I have not written about the reprimand issued against the Leadership Conference of America Religious by the Vatican’s Congregation for the Doctrine of the Faith. The gist of the report is that at public events the nuns had spoken or listened to ideas which do not correspond to how the Congregation interprets the faith. The examples do not seem shocking, but coincide with ideas widely discussed in intellectual journals and among respected Catholic theologians, priests and scholars, and none concern the fundamental teachings embodied in the Scriptures or the creeds. But the accusers claim the nuns talk too little against abortion and gay marriage and too much about justice, peace and service of the poor.
Certainly my voice has not been needed when writers with bigger pulpits and sharper pens like E. J. Dionne in the Washington Post (May 13), Maureen Dowd in the New York Times (May 20 and 23) and Garry Wills (The New York Review of Books) have weighed in. All are Catholic intellectuals not afraid to speak truth to power. Dionne declares that he is not leaving the church because he sees the Gospel as a liberating document and cannot ignore the good done by sisters in the name of Christ. He sees the crackdown as perhaps the bishops’ revenge on the nuns for breaking with the bishops by supporting health care reform in 2010.
Maureen Dowd sees the bishops as intolerant of disagreement. “Absolute intolerance is always a sign of uncertainty and panic. Why do you have to have to hunt down everyone unless you’re weak? The church doesn’t seem to care if its members’ beliefs are based on faith or fear, conviction or coercion.” Garry Wills pas tribute to the nuns who taught him, above all supporting children whenever they spotted talent. In a tough passage he writes: “Now the Vatican says that nuns are too interested in the social Gospel ( which is the Gospel), when they should be more interested in Gospel teachings about abortion and contraception (which do not exist).” They were concerned about AIDS, the spiritual needs of gays, the civil rights movement and soup kitchens.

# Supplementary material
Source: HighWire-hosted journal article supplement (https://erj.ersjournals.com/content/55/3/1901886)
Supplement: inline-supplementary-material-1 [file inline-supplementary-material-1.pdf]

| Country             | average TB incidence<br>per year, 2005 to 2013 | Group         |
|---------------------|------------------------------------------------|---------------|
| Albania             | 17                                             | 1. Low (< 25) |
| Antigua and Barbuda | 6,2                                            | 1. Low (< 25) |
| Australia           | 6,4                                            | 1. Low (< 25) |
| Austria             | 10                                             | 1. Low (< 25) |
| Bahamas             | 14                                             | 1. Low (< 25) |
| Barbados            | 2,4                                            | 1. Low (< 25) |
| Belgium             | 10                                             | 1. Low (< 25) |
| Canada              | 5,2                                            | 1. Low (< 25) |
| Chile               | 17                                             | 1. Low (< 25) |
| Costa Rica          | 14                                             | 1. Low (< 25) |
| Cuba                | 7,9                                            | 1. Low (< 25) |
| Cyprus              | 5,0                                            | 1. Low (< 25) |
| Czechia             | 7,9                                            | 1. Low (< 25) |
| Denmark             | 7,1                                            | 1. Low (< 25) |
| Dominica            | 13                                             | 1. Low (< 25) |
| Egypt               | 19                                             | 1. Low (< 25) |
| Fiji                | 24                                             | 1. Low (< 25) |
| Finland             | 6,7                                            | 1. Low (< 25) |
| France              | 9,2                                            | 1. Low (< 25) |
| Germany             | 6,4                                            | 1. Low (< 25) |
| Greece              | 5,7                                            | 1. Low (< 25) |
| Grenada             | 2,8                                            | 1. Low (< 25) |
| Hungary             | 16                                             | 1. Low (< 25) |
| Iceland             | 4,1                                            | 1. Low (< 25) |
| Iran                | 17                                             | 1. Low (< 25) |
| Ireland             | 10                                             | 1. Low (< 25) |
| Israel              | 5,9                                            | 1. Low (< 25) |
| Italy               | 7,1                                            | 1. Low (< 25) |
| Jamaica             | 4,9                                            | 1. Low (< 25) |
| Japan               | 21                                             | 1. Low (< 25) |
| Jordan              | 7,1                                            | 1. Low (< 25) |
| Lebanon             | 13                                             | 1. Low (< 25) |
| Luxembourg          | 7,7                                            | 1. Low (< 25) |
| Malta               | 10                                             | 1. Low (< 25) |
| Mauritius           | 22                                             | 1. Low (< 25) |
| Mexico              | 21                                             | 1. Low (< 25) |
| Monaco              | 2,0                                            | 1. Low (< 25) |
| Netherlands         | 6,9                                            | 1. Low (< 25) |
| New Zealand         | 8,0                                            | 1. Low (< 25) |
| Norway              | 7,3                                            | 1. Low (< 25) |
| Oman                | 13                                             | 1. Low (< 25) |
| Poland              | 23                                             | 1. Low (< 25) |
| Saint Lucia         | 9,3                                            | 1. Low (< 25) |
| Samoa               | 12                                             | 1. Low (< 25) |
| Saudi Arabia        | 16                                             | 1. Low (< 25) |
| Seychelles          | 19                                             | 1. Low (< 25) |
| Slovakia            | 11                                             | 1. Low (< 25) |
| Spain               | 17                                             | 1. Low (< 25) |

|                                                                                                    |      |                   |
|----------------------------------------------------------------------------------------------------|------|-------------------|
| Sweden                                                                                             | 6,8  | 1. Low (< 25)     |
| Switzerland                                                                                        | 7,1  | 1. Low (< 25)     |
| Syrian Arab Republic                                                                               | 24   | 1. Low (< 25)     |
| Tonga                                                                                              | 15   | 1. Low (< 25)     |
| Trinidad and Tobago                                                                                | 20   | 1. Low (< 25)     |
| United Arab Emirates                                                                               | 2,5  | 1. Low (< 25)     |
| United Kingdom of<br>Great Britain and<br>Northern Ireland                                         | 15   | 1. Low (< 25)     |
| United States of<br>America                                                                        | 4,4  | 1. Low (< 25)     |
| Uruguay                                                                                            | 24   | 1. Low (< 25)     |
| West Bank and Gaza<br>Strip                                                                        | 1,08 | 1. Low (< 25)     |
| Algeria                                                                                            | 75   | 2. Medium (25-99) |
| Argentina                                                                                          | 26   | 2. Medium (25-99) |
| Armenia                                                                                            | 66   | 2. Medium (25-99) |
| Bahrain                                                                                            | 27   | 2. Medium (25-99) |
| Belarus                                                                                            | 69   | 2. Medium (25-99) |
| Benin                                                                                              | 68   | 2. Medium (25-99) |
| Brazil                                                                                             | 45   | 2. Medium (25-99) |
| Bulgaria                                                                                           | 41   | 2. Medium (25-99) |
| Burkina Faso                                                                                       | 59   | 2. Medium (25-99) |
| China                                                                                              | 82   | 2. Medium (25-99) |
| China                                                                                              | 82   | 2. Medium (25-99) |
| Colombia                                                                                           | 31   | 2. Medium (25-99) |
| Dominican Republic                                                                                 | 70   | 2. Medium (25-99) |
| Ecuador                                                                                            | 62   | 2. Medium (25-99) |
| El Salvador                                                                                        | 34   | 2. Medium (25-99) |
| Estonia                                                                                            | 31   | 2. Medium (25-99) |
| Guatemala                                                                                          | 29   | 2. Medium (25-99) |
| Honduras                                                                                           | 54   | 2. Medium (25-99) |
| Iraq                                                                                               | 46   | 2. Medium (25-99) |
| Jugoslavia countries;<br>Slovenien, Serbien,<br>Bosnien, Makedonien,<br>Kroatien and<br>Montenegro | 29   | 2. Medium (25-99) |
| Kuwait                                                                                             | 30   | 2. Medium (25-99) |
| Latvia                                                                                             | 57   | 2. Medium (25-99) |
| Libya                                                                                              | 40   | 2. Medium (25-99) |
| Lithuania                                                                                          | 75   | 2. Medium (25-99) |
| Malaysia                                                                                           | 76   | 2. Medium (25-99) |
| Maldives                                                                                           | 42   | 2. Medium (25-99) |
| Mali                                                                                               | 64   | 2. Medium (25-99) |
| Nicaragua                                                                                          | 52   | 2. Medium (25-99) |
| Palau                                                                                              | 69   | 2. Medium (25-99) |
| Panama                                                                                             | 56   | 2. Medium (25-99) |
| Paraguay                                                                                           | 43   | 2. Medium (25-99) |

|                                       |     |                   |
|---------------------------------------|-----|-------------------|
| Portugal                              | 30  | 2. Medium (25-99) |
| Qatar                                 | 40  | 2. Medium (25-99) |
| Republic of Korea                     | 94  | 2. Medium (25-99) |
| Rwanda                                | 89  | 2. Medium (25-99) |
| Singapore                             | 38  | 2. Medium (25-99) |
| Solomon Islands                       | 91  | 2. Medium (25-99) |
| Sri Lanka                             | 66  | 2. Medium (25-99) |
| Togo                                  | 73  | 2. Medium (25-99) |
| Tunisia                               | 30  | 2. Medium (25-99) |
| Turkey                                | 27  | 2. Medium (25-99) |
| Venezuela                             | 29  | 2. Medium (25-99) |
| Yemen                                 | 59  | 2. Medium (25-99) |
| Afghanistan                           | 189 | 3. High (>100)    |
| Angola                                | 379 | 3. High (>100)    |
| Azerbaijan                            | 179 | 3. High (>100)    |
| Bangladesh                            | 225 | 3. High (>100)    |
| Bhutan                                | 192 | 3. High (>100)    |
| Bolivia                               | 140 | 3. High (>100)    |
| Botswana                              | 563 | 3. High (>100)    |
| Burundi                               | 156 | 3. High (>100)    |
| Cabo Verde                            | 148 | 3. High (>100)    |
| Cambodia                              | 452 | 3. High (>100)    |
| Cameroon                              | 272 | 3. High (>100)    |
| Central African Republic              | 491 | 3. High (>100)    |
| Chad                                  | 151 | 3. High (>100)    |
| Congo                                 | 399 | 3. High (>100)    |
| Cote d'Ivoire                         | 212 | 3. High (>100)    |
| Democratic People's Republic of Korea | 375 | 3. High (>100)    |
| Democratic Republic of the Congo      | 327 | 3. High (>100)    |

I thought of this Sunday when I attended an inspiring ceremony at the 19th century convent of the Sisters of Mercy in Brooklyn in which the sisters welcomed into their community as an associate, Kerry Weber, an America associate editor. I could not square the picture of these dedicated women in the chapel with the negative “Doctrinal assessment” from Rome. My father’s sister was a Sister of Charity in Hoboken and my mother’s sister was a Sister of Mercy of Plainfield, New Jersey. I was taught by Franciscans in my Trenton parish. All these women spotted my writing in grammar school challenged me to read and write and write more. It is tragic that when their numbers are slipping and they are fighting valiantly to serve till they drop, that they, as Wills says, are “bullied.”
Last Friday night in Washington D.C., after dinner with a friend from the Washington Post, we walked through downtown to the Newseum, a marvelous new museum dedicated to the history of American journalism. I stepped back from the façade and looked up to see the First Amendment to the Constitution bathed in light, spelled out on the outside wall in the night. The press had been filled with the stories of the bishops of several diocese mobilizing to take to the courts their case against the Health and Human Services requirements to provide contraception in the insurance plans of their institutions. No one questions their right to make their case on the basis of religious freedom to the Supreme Court. But as I read the Amendment again that night I was reminded that the Amendment guarantees four liberties, not one, all intimately connected: religion, the press, speech, and assembly.
Can American Catholics embrace one freedom and not the other three? Can the church authorities silence critics, theologians, sisters, writers — especially when their ideas do not attack the Creed, the Incarnation, the Eucharist, the Resurrection, etc — and still with credibility, wrap themselves in the flag of religious freedom?
Raymond A. Schroth, S.J.